Applied Cognitive Psychology

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Differential effects of alcohol on associative versus item memory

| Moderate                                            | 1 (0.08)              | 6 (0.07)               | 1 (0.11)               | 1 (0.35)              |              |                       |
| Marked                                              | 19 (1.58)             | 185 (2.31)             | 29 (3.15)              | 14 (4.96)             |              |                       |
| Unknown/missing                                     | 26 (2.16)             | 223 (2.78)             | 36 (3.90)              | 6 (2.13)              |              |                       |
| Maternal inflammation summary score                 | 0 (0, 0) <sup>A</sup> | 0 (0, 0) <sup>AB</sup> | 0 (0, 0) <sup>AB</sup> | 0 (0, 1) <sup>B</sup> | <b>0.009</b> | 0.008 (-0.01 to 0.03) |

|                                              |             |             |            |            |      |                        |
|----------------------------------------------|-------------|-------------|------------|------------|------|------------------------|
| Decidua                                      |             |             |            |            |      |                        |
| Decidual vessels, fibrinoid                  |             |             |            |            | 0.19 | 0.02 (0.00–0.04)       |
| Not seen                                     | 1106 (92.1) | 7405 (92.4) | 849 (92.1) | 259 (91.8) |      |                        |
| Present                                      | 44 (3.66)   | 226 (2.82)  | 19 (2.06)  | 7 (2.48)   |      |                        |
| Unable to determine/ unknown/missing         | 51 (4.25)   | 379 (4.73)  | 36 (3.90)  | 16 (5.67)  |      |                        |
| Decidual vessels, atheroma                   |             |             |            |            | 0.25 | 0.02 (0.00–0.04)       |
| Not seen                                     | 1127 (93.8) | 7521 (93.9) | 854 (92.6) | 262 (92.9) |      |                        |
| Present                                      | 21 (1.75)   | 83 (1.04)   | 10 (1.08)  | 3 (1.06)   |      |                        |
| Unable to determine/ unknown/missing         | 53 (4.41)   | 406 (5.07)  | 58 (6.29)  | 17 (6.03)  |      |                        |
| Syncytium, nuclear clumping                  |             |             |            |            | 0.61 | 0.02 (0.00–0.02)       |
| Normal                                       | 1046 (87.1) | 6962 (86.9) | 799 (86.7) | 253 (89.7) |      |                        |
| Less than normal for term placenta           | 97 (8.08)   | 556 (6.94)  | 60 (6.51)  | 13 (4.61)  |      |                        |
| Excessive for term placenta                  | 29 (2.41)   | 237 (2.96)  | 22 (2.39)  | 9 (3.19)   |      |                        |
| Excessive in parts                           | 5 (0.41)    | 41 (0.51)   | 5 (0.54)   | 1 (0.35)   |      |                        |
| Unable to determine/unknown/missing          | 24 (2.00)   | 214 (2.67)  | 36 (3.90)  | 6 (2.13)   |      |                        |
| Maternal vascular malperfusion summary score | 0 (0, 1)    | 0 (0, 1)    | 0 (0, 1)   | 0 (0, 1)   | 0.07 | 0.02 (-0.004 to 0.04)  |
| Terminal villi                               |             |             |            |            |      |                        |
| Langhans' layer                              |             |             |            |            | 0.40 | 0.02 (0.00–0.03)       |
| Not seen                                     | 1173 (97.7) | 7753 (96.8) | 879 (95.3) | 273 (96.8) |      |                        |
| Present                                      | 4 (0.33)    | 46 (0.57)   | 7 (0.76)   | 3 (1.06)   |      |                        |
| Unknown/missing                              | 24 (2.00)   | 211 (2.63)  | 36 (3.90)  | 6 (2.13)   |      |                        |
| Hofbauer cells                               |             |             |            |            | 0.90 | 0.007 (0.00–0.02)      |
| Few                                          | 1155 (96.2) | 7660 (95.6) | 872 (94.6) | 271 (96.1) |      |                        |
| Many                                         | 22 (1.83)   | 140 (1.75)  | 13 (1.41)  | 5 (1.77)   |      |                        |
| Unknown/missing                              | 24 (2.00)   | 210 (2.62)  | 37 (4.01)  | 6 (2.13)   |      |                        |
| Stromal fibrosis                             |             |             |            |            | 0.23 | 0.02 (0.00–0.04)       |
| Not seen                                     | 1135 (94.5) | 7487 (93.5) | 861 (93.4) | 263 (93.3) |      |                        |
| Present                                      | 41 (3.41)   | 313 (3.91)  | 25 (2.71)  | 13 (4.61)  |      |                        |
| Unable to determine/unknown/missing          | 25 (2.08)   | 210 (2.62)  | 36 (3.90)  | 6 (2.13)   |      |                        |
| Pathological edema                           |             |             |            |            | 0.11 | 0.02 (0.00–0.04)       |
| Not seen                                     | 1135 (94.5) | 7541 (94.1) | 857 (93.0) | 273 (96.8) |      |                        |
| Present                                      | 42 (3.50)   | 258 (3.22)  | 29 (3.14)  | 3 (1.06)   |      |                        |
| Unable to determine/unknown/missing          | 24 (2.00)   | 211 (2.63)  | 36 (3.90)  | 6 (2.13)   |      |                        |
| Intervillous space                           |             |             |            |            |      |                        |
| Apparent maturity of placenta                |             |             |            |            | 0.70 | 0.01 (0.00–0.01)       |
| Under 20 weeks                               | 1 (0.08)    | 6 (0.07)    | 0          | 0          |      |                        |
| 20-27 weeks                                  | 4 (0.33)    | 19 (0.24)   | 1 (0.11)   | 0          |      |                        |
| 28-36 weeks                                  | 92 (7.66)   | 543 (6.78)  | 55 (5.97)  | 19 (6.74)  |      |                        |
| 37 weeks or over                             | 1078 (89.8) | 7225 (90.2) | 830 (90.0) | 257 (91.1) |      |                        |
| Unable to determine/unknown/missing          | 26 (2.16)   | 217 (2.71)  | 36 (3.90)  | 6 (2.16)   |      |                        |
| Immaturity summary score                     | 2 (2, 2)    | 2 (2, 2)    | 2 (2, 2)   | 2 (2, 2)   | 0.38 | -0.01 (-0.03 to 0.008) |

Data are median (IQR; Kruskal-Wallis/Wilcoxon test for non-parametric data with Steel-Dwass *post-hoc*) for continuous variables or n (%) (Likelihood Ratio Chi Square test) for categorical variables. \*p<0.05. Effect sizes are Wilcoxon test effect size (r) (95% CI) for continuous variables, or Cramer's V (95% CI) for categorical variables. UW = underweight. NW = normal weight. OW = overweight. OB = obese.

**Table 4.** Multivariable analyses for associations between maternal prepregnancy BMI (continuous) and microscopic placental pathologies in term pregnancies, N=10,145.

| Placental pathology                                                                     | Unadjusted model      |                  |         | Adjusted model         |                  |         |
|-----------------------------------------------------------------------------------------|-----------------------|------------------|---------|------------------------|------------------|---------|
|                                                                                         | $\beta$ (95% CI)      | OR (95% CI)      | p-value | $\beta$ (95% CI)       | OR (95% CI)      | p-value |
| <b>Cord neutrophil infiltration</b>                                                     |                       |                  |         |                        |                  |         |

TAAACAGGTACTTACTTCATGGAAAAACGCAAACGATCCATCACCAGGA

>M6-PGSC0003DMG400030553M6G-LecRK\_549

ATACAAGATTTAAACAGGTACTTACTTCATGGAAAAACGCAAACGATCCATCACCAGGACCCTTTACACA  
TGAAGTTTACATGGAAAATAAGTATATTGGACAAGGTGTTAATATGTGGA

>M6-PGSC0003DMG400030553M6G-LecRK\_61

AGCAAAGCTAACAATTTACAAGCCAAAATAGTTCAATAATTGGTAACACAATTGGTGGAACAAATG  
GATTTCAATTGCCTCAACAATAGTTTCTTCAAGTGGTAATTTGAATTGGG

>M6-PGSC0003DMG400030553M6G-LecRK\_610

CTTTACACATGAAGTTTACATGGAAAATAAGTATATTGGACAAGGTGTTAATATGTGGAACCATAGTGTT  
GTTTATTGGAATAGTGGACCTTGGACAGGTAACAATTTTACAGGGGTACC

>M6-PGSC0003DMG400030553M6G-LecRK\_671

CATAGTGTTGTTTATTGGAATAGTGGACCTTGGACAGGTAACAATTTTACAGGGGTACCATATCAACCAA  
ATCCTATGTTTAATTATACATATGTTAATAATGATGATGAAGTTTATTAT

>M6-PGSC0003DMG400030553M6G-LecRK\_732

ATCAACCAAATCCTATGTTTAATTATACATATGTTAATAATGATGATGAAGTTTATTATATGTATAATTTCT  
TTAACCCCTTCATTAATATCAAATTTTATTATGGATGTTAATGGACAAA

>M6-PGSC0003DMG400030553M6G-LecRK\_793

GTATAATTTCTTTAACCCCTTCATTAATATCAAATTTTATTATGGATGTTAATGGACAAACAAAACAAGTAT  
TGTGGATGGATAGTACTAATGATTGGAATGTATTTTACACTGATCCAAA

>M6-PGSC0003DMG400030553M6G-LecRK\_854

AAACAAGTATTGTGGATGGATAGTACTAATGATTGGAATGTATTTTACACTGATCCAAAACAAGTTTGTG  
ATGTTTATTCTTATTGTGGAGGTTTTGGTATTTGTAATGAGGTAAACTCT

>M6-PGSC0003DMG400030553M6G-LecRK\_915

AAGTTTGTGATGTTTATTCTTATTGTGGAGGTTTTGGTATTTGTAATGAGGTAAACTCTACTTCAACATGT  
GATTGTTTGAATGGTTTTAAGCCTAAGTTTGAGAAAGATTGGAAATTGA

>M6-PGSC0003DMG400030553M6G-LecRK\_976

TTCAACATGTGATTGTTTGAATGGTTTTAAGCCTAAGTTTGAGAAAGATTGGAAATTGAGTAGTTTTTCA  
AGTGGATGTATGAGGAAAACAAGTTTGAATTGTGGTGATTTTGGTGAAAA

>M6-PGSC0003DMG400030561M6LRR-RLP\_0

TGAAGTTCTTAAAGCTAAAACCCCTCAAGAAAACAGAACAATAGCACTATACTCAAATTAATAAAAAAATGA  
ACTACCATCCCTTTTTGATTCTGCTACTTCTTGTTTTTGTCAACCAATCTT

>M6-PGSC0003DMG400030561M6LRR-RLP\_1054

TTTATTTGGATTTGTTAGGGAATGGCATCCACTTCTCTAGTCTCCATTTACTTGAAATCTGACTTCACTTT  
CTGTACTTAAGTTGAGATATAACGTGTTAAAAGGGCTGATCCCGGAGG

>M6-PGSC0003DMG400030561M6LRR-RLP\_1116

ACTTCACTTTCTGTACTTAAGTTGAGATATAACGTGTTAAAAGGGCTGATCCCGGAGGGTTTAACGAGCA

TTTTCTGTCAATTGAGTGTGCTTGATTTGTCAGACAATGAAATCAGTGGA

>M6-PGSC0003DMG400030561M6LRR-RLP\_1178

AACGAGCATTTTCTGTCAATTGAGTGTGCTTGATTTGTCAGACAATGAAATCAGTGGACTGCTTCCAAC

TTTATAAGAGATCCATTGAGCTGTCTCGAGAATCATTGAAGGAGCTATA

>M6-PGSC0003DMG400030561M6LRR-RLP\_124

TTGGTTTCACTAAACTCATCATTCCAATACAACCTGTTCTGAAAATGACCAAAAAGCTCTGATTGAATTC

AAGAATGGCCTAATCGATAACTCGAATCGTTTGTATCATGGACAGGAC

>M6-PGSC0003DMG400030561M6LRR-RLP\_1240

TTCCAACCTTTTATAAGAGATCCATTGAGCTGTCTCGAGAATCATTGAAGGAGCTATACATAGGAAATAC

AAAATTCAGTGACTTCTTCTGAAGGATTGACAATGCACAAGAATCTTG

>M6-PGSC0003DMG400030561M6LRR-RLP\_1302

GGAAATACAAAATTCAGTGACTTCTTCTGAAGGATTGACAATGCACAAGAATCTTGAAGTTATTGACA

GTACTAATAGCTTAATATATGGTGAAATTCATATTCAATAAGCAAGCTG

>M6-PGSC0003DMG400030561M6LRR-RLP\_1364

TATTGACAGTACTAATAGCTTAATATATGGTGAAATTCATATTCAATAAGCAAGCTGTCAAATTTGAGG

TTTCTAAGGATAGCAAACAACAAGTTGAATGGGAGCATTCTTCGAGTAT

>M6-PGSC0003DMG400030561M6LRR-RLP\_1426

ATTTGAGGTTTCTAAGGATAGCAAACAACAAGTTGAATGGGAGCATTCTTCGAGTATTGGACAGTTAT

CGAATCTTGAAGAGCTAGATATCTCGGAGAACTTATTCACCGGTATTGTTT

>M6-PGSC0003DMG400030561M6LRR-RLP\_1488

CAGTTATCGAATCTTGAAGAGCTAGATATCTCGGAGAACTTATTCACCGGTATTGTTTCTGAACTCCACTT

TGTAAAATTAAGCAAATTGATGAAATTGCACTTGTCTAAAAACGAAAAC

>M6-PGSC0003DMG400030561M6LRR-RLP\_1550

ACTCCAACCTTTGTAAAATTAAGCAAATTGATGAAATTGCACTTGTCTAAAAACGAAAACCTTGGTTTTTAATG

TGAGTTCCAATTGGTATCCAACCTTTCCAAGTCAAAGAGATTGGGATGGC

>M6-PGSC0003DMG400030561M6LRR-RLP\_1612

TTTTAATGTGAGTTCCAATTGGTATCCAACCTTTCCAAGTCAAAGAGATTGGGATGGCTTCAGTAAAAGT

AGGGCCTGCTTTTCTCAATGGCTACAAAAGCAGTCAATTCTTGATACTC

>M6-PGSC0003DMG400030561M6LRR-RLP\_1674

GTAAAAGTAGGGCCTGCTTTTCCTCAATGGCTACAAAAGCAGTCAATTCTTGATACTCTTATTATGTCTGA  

Alcohol has detrimental effects on a range of cognitive processes, the most prominent being episodic memory. These deficits appear functionally similar to those observed within the normal aging population. We investigated whether an associative memory deficit, as found in older adults, would also be evident in young adults moderately intoxicated by alcohol. Participants were shown unrelated word pairs and then tested on both their item recognition (old/new item?) and associative recognition (intact/recombined pair?). Half the participants were under the influence of alcohol whereas the other half were sober. Alcohol impaired memory performance but significantly more so for associative than for item memory. Moreover, within the alcohol group, the associative memory deficit was significantly related to the amount of alcohol consumed. The findings suggest that not all aspects of episodic memory are equally impaired by alcohol, which may have practical implications for criminal investigations involving eye witnesses who have consumed alcohol.

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